The World War One History Coursework Essay Sample

The World War One History Coursework Pages
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The British Army at the beginning of the war was small in comparison to other countries involved. In 1914, Britain had 975,000 soldiers including reservists. France had over four million and Germany four and a half. To solve this shortage in numbers, Lord Kitchener, the war minister, began a recruitment campaign to boost numbers in the army.

The first and most obvious reason for British men enlisting was the use of propaganda by the British government. The series of adverts that were published played on the emotions of men and this may have caused them to enlist. The advert to the left is a typical example of the adverts published by the British government during the war period. This advert suggests that brave British men who are “friends” should join the army and fight. Many of the men who enlisted at the time were not educated to a great extent so playing on their emotions was a definite way to manipulate and get men to enlist e.g. the case of William Dove: “They showed the Fleet sailing the high seas and played ‘Britons Never Shall Be Slaves’ and ‘Hearts Of Oak’. And you know one feels that little shiver run up the back and you know you have got to do something.”

Pressure from women also persuaded men to enlist. Suffragists and ordinary women convinced men to go to the front against their better judgement. It was women who presented the “Order of the White Feather” to men who were capable of fighting but who chose not to. This became a symbol of cowardice and this coaxed men into signing up as Rifleman Norman Demuth shows, “I was given a white feather when I was sixteen, just after I had left school. I was so astonished I did not know what to do about it, so I went round to the recruiting offices with renewed zeal.”

The British public were excited about the prospect of war. This is due to the common perception that the war was going to be over by Christmas. “We were quite clear that Germany would be defeated by the 7th of October.” Private Godfrey Buxton. At the time, many men had badly paid and boring jobs and wanted to do something different e.g. miners in Wales.

The conception of “Pals Battalions” also persuaded men to enlist. This was a way for men from a certain area to enlist and fight together. Men thought that the prospect of going to war with their friends was a good idea so in places the whole male population of a town signed up. The peer pressure that resulted from this effectively forced thousands of men to sign up who wouldn’t have done so otherwise. This method was successful as a recruiting tool but its result where whole towns lost their male population was not so and resulted in reduced morale among ordinary people back in Britain later on in the war.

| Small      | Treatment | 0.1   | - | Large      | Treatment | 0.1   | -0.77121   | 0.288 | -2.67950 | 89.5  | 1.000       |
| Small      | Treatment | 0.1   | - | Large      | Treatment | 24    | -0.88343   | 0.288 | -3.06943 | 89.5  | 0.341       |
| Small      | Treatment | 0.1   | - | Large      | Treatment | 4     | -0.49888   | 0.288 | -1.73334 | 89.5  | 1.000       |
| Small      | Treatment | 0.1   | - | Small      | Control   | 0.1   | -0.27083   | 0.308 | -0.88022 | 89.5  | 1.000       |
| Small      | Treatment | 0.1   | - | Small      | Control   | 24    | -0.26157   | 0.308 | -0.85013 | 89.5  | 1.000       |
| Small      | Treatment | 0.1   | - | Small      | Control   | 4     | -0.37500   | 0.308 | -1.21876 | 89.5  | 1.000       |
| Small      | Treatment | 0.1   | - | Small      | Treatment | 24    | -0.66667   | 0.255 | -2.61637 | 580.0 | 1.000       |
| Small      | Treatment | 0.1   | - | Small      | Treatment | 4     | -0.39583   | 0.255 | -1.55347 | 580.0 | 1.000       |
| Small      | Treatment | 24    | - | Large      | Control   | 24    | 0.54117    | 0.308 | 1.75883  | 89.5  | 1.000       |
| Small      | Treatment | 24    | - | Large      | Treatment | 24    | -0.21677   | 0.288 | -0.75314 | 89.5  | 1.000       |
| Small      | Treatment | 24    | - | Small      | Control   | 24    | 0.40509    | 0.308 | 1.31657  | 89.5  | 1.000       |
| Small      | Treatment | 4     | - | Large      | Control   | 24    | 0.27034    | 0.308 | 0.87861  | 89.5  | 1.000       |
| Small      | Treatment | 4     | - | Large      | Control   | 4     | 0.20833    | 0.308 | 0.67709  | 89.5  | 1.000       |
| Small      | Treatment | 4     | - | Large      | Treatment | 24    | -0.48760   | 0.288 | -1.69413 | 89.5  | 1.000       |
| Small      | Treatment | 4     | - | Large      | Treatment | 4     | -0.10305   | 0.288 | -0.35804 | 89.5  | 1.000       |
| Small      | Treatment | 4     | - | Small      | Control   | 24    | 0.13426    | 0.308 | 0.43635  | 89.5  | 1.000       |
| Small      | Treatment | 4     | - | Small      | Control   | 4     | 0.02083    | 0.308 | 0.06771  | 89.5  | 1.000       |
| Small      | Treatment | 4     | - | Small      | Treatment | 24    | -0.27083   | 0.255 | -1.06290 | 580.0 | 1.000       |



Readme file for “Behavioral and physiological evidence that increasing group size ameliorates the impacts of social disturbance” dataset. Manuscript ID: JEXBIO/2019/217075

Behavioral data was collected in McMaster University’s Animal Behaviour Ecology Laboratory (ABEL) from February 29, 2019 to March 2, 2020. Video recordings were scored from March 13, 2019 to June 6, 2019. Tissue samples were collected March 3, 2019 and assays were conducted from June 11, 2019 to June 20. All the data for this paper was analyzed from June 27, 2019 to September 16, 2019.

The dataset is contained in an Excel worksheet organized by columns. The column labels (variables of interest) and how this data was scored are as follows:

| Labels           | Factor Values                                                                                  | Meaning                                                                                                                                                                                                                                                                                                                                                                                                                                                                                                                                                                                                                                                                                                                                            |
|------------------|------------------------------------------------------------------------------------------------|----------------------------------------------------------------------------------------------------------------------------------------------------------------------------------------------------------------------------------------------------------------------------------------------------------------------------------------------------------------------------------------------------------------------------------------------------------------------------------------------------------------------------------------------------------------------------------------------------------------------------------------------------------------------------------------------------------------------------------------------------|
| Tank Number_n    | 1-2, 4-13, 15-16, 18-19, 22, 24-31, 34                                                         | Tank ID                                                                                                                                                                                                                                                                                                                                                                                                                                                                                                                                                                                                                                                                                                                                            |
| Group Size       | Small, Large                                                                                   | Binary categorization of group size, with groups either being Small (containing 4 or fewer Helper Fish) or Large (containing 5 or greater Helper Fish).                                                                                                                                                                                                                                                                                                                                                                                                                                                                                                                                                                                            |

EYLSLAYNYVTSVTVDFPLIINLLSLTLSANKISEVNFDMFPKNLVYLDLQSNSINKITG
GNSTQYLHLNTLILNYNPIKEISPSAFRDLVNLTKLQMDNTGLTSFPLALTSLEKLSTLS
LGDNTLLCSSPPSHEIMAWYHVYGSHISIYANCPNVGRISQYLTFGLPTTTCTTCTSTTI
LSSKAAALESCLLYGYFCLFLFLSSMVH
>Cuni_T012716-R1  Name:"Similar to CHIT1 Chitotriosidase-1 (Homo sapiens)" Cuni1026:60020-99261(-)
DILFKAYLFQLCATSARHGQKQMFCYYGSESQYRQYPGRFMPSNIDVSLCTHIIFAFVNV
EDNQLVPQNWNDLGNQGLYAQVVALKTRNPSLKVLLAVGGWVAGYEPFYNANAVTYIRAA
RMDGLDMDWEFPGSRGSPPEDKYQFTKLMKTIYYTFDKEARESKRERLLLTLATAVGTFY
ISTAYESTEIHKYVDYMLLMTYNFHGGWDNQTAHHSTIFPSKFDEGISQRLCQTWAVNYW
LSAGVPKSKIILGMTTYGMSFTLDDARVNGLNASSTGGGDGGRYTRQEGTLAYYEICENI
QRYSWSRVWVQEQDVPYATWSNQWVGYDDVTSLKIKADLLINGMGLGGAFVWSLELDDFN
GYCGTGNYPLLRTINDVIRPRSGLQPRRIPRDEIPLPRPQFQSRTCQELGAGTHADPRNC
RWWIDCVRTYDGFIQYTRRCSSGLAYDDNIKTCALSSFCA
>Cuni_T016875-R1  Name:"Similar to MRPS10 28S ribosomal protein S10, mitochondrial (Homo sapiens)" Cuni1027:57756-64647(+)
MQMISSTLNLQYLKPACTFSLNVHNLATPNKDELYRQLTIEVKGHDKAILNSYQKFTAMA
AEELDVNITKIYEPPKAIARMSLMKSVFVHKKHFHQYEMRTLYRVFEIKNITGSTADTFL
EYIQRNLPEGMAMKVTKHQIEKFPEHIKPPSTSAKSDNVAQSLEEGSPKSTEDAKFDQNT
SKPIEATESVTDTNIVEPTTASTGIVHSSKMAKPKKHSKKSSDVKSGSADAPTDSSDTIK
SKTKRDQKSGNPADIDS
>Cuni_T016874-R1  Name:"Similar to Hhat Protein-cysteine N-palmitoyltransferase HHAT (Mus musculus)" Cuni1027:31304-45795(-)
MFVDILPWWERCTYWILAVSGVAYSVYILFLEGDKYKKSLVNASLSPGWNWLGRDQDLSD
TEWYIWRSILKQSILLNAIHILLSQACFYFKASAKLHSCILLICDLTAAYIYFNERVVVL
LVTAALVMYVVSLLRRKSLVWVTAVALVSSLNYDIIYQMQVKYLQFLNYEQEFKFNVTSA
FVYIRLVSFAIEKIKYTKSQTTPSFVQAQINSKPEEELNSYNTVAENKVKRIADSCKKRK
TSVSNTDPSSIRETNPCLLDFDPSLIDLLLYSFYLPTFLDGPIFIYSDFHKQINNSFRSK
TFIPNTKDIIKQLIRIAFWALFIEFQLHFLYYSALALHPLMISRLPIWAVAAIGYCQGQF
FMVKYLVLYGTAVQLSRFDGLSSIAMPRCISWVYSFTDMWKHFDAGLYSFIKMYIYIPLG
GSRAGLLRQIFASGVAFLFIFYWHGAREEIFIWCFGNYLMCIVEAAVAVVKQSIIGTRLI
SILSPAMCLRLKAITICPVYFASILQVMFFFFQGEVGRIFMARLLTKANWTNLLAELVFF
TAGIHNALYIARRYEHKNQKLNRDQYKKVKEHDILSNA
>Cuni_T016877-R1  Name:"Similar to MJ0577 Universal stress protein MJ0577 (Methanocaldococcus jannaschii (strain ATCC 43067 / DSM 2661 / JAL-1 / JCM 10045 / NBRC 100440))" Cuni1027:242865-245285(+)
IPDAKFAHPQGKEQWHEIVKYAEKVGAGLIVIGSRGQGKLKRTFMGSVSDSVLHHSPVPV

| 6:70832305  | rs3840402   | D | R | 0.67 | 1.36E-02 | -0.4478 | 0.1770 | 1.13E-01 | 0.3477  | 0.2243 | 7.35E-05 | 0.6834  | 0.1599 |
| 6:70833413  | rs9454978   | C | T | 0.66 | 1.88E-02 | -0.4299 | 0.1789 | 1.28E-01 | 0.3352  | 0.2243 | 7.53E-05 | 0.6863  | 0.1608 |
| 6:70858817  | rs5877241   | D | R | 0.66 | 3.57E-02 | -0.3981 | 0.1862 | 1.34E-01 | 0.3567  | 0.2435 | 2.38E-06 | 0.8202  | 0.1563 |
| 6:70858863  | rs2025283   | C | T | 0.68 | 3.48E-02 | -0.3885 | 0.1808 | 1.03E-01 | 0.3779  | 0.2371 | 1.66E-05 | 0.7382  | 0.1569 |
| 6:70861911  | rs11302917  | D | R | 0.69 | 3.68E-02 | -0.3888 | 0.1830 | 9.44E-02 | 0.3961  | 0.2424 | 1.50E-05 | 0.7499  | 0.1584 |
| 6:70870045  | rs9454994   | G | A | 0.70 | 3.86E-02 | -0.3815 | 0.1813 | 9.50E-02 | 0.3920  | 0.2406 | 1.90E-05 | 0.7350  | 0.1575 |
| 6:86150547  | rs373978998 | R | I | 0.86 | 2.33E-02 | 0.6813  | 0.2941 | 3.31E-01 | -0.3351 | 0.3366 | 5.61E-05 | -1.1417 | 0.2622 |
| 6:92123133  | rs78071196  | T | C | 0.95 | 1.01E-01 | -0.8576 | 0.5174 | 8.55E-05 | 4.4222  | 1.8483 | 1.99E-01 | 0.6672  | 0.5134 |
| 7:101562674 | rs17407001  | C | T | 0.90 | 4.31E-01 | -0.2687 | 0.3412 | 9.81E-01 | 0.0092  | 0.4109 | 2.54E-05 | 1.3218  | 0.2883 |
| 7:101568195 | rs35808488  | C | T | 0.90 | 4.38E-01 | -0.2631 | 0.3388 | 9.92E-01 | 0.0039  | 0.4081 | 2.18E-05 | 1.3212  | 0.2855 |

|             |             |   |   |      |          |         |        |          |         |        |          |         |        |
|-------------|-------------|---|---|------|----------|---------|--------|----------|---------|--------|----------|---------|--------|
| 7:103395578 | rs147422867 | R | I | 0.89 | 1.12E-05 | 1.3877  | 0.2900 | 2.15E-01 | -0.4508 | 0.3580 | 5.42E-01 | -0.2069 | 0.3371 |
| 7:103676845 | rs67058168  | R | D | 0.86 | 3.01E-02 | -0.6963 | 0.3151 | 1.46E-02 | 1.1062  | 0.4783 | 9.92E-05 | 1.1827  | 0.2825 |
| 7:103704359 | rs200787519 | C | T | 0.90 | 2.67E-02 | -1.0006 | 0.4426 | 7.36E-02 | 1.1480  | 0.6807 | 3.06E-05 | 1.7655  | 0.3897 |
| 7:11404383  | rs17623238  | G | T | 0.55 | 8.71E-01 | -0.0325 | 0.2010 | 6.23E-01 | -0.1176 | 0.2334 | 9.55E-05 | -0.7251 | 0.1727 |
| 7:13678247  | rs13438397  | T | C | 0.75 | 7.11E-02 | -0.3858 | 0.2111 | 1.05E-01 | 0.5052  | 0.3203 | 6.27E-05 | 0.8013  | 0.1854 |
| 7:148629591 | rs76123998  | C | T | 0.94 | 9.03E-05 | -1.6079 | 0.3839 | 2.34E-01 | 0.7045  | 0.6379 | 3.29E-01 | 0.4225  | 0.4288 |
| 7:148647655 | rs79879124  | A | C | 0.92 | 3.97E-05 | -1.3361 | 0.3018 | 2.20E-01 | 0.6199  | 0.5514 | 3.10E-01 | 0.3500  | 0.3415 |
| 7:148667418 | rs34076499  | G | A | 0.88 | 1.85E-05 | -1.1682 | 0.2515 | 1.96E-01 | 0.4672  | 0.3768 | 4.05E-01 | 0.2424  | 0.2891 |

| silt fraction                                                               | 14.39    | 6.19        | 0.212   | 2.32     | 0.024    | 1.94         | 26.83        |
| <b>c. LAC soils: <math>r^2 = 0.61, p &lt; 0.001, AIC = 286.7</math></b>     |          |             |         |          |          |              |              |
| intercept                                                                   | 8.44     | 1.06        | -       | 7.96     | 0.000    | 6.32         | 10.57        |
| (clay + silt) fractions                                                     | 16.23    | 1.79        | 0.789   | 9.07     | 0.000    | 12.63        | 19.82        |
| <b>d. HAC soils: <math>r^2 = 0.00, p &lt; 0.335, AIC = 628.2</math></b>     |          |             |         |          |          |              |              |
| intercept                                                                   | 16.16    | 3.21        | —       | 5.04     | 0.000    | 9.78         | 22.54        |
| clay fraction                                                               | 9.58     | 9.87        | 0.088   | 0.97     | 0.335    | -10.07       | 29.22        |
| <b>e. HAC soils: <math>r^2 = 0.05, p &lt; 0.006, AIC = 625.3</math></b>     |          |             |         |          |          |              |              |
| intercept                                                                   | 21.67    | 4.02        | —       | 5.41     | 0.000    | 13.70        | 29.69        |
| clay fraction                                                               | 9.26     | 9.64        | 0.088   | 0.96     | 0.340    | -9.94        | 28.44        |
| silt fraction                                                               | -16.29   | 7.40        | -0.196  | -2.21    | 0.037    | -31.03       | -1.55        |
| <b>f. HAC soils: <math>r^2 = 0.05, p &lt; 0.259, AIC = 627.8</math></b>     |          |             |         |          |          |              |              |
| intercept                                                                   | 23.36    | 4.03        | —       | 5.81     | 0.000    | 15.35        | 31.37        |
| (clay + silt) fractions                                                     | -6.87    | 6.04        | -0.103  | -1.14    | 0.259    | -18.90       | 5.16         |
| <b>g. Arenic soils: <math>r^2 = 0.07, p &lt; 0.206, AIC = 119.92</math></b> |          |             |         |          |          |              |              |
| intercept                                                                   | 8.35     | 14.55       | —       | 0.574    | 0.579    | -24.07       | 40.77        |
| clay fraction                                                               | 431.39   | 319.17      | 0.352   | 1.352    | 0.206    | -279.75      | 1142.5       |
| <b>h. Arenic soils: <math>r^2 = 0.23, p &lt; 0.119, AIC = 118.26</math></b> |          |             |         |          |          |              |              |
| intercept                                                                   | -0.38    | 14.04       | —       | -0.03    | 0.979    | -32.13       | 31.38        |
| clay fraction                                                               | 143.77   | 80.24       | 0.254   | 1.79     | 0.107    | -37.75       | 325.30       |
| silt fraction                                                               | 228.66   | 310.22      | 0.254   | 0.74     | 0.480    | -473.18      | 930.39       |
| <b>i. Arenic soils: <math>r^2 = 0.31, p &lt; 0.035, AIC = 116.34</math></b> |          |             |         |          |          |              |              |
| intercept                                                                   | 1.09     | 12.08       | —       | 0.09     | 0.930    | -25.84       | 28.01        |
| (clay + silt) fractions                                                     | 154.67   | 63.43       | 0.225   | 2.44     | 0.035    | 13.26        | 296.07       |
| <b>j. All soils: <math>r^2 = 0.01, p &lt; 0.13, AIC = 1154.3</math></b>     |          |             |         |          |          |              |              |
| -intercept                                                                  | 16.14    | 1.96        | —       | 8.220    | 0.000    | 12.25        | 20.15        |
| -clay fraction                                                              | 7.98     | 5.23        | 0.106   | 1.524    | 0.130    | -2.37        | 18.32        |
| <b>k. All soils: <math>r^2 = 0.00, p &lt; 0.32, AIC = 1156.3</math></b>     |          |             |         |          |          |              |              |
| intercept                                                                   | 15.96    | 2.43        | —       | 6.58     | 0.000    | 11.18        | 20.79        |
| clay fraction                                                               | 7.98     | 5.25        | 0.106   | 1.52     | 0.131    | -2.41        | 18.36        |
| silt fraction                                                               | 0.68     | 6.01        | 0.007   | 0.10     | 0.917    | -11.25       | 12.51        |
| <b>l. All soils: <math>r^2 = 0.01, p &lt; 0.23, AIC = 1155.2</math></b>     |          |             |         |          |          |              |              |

Patriotism was a big factor in the decisions that men made on whether to enlist or not as Private George Morgan shows: “We had been brought up to believe that Britain was the best country in the world and we wanted to defend her.” Propaganda posters released by the government also played on patriotism and in fact created jingoism, false patriotism. This was where men believed that being a British patriot meant joining up to the army and fighting, and if they didn’t, then they weren’t a patriot. All forms of encouragement to enlist contributed to jingoism e.g. women coercing men into enlist by saying things such as, “What are you doing for the war effort?” This made men feel pressured to fight even though they could be making contributions to the war effort in a less obvious manner.

Revenge is another factor that could have convinced men to enlist. The root cause, however, of why men wanted revenge is because of propaganda released by the government and by articles published in British newspapers about alleged German atrocities. These included raping women and gouging out the eyes of civilians. As one British general put it: “to make armies go on killing one another it is necessary to invent lies about the enemy.”

Of all these factors, I believe that propaganda is the single most important reason that persuaded British men to enlist. Not only is it a reason in itself, it is also a contributing factor to other reasons such as revenge and pride. An example of its success in 1914 is that it was used in World War Two and is still used today to put forward points of view.

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